If you were denied disability after suffering cognitive impairment, contact the law office of Lisa M. Ritacco for a consultation. Lisa M. Ritacco has focused on Social Security and SSI practice areas for more than ten years, and she understands what it takes to support clients in securing their benefits. She will review your situation to ascertain possible reasons why you were denied and may help you launch an appeal, securing the medical evidence needed to prove your cognitive impairment.
Proving Cognitive Impairment Disability Eligibility
Cognitive impairments are not visible, but they are a very real health problem. There may be no clear outward symptoms, so in many cases patients need to submit to testing and multiple medical evaluations to determine whether cognitive impairment has occurred and to ascertain the extent of that impairment.
In order to prove you have a cognitive impairment, you need to prove that you suffered memory loss, lower IQ, or other cognitive issues after a specific injury or event. In addition, you must show that your current cognitive condition prevents you from working or from performing everyday tasks related to your job. There are several ways to do this:
- Contact an attorney, who may offer suggestions as to how you can secure proof
- Cooperate with all doctors’ appointments and treatments
- Keep a list of symptoms and records related to your medical treatments and appointments
- Undergo specialized testing, such as a neuropsychiatric examination or IQ test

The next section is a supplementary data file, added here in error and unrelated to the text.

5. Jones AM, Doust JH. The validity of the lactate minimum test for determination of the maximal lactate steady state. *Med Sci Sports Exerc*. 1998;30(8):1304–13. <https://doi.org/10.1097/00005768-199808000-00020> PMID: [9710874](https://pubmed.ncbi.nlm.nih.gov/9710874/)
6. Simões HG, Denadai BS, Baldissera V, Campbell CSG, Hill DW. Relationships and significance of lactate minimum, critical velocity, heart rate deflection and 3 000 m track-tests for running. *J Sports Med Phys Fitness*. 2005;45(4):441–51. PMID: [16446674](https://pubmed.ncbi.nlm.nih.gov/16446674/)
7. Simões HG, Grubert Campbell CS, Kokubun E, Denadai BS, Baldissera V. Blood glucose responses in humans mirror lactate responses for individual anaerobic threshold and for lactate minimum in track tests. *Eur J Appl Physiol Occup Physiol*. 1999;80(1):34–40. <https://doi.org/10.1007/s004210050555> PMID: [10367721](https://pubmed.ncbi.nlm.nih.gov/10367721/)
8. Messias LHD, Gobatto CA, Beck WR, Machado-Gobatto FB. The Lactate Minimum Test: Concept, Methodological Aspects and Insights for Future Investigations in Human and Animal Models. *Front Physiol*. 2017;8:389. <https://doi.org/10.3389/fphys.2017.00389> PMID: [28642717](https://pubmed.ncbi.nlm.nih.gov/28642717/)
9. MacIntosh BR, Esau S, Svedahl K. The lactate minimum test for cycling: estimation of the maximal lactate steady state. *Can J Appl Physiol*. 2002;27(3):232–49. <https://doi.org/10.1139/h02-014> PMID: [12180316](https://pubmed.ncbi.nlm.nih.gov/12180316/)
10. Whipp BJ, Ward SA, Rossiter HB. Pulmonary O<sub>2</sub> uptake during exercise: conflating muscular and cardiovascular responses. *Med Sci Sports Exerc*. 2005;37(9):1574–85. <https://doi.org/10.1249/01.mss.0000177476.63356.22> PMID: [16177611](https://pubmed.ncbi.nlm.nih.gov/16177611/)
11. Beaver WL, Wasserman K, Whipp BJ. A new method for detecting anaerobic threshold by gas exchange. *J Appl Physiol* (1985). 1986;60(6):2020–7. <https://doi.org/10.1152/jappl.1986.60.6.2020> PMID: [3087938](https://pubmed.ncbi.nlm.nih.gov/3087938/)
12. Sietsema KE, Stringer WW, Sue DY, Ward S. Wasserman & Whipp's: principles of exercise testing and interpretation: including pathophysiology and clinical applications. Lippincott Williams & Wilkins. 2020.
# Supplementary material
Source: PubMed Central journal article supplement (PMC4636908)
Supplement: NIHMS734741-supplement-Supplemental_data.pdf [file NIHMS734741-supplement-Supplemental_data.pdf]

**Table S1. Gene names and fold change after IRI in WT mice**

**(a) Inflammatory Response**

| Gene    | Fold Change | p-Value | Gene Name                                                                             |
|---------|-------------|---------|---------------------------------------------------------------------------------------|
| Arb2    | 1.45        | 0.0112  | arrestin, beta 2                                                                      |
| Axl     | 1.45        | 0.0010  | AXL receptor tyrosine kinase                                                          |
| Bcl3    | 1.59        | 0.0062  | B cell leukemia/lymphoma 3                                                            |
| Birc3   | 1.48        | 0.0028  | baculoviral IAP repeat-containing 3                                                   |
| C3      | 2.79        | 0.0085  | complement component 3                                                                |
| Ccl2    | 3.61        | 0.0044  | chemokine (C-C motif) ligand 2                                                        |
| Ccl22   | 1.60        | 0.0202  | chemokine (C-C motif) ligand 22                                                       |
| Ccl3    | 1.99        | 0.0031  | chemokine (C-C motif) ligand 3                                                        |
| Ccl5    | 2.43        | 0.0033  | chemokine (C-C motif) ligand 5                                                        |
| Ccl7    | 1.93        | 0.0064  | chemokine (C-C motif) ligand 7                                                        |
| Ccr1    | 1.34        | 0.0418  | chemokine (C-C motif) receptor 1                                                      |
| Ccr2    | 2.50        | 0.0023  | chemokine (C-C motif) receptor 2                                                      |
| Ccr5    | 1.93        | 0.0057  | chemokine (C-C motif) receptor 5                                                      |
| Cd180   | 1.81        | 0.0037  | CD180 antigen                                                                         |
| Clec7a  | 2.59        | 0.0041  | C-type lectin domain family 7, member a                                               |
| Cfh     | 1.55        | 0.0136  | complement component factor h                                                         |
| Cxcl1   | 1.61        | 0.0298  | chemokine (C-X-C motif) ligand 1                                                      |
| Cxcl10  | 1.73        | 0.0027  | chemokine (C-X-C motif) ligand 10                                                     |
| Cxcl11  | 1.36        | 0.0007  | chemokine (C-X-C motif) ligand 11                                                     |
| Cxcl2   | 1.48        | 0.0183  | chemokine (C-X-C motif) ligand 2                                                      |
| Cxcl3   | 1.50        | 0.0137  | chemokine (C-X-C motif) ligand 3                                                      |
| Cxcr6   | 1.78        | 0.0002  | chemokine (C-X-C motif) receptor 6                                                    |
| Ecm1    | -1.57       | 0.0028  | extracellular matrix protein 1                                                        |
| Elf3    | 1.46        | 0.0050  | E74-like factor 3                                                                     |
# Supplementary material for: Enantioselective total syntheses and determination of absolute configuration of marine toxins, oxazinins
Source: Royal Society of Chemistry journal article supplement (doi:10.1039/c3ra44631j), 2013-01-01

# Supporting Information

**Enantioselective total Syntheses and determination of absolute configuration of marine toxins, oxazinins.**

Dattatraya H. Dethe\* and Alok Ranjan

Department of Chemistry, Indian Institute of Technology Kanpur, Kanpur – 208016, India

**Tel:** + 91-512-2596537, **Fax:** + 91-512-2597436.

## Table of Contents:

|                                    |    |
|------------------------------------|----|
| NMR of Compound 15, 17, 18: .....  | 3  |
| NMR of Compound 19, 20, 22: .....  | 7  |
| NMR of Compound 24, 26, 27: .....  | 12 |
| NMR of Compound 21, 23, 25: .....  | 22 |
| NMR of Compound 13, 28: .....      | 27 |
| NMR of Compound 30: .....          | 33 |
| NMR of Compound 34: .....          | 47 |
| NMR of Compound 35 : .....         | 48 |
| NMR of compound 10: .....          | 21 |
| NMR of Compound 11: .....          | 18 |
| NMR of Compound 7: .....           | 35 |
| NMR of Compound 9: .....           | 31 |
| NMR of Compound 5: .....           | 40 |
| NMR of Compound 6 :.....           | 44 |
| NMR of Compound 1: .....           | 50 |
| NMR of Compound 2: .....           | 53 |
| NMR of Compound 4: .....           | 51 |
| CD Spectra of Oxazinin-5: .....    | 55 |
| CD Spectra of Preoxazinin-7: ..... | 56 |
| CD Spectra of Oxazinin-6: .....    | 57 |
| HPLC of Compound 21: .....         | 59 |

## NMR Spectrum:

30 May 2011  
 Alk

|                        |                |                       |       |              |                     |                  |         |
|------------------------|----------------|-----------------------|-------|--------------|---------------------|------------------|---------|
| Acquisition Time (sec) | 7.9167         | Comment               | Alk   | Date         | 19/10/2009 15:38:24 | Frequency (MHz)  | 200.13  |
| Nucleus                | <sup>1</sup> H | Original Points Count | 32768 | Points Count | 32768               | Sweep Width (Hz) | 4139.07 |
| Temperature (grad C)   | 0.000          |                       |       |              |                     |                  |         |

- Cooperate with consultative examination, which the Social Security Administration may order to help evaluate the extent of your impairment
The Social Security Administration will use a disability examiner to review your case. This examiner will look for evidence of reduced ability to learn instructions, concentrate, and understand and retain instructions. He or she will also examine social functioning — such as the ability to get along with others — as well as judgment, and the ability to maintain a consistent work schedule.
Proving cognitive impairment can be a challenge. If you are having trouble proving cognitive impairment, contact a Social Security disability attorney. Consider contacting the law office of Lisa M. Ritacco for a consultation to review your situation. Lisa M. Ritacco focuses only on disability, Social Security, and workers’ compensation cases, ensuring she is prepared to handle your case.
Is Mild Cognitive Impairment a Disability?
Distinct from the broad category of cognitive or intellectual disabilities, mild cognitive impairment (MCI) refers to a specific condition which often appears as a precursor to Alzheimer’s in older adults. Symptoms of MCI include memory, judgment and cognition problems that are more severe than those typically associated with aging, but not prevalent to the point where a diagnosis of Alzheimer’s is applicable. Between 10 and 15% of adults with MCI will develop full-on Alzheimer’s; others will see their symptoms remain constant, and a few will actually return to normal over time.
If an individual with an MCI diagnosis is chronically unable to follow instructions properly, maintain concentration or be aware of workplace hazards, they may qualify to receive benefits through SSD or SSI.
Contact Ritacco Disability Law for Help With Your Claim
If you are considering applying for Social Security for a cognitive impairment, contact Ritacco Disability Law today. If you have already applied and been rejected, our team of disability lawyers can appeal your case and may be able to get your claim approved.
Your initial consultation is always free, so contact us today to find out more about how a cognitive impairment disability attorney can help you get the compensation that you deserve.